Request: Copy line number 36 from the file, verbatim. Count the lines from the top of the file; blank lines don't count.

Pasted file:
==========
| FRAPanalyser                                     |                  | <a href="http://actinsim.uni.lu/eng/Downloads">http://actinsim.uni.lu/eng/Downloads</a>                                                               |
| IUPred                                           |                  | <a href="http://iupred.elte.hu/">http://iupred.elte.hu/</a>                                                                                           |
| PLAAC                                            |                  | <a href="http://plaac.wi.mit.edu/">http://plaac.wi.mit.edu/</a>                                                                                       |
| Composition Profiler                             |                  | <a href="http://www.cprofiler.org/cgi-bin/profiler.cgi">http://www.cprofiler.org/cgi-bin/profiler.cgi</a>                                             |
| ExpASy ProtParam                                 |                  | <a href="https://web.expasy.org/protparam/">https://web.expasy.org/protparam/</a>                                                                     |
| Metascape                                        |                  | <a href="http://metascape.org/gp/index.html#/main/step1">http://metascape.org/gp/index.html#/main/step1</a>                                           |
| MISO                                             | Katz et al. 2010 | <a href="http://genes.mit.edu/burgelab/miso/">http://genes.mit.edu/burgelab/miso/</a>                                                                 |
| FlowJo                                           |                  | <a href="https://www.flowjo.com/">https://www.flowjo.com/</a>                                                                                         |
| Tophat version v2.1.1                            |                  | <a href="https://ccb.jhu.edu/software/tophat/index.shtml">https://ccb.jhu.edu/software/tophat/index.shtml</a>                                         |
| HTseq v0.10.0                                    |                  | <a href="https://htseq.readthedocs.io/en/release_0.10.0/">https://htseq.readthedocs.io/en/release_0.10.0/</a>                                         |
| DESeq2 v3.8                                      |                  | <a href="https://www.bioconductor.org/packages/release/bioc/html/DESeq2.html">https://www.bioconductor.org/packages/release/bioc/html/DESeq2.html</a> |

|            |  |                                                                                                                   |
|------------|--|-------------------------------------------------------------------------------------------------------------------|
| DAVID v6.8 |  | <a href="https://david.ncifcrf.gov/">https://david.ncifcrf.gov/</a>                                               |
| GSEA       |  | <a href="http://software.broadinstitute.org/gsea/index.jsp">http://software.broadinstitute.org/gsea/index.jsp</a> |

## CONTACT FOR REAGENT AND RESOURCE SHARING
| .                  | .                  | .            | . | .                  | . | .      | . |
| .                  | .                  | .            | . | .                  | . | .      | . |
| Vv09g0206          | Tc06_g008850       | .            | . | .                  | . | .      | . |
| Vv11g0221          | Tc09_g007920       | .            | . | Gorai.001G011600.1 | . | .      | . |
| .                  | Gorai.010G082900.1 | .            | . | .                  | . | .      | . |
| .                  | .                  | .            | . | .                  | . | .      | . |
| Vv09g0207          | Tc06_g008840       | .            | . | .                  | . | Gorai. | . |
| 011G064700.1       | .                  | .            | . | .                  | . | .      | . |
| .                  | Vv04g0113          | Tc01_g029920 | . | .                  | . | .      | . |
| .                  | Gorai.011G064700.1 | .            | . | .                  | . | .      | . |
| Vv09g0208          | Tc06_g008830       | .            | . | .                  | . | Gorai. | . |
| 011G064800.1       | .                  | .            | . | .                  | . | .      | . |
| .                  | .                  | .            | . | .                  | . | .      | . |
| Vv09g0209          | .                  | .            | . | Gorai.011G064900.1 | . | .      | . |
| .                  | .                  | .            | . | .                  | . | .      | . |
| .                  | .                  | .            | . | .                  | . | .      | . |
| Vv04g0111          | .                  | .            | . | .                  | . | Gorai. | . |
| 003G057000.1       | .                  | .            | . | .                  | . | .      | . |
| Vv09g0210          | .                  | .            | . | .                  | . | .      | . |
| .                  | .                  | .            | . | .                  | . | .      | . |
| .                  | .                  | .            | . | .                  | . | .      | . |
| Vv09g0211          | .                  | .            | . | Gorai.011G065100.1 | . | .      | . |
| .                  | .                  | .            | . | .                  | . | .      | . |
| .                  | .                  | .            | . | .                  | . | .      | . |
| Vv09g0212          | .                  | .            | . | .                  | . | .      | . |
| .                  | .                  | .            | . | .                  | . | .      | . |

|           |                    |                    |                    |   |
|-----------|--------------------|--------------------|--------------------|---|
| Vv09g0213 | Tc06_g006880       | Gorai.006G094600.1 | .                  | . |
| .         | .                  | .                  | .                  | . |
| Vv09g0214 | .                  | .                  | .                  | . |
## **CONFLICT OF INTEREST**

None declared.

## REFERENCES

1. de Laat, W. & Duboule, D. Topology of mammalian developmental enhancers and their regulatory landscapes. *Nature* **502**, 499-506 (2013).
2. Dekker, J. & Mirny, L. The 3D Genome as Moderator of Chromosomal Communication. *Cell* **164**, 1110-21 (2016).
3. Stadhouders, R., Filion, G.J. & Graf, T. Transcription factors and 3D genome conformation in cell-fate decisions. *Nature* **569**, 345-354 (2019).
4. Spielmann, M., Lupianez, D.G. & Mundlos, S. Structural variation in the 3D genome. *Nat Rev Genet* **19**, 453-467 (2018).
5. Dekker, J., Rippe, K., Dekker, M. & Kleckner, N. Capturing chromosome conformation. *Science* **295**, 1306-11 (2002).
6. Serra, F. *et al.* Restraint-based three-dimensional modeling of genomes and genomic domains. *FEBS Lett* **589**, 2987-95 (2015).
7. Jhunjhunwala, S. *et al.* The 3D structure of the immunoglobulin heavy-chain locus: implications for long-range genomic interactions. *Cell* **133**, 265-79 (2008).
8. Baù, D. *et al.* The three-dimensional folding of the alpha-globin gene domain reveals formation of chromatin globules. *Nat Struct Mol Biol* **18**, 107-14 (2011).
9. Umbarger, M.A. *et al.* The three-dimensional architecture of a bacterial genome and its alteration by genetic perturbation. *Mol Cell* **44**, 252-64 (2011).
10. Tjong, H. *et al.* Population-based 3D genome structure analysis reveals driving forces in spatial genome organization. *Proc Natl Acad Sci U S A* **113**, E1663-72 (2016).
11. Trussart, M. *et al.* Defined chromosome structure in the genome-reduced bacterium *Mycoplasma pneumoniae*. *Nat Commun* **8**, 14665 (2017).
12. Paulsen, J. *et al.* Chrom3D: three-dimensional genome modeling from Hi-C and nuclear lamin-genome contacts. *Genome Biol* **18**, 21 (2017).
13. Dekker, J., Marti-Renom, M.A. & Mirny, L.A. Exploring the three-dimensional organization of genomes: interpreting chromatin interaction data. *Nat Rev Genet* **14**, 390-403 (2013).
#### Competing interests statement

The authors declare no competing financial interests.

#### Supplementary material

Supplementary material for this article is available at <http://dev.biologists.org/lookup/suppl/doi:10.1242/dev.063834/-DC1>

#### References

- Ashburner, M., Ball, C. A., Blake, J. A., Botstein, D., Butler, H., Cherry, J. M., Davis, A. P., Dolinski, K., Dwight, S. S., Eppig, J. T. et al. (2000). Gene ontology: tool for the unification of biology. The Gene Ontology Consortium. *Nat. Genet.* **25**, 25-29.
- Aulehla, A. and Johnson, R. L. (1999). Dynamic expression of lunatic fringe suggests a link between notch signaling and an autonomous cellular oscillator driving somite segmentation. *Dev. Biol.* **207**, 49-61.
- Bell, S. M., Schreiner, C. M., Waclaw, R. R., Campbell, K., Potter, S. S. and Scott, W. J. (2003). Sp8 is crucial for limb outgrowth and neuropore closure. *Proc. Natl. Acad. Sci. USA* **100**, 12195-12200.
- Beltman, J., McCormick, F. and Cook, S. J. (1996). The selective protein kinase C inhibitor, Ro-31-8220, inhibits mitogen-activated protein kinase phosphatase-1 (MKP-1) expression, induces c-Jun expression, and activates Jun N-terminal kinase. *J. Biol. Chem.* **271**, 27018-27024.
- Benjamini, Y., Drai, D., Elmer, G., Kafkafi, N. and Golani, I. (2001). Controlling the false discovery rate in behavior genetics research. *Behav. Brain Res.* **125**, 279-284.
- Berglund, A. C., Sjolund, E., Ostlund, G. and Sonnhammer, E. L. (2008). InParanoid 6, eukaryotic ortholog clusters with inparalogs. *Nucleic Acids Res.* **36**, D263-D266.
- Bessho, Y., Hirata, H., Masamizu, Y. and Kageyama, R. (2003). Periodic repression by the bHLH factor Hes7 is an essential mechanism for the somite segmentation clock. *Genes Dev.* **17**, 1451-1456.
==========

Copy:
| .                  | .                  | .            | . | .                  | . | .      | . |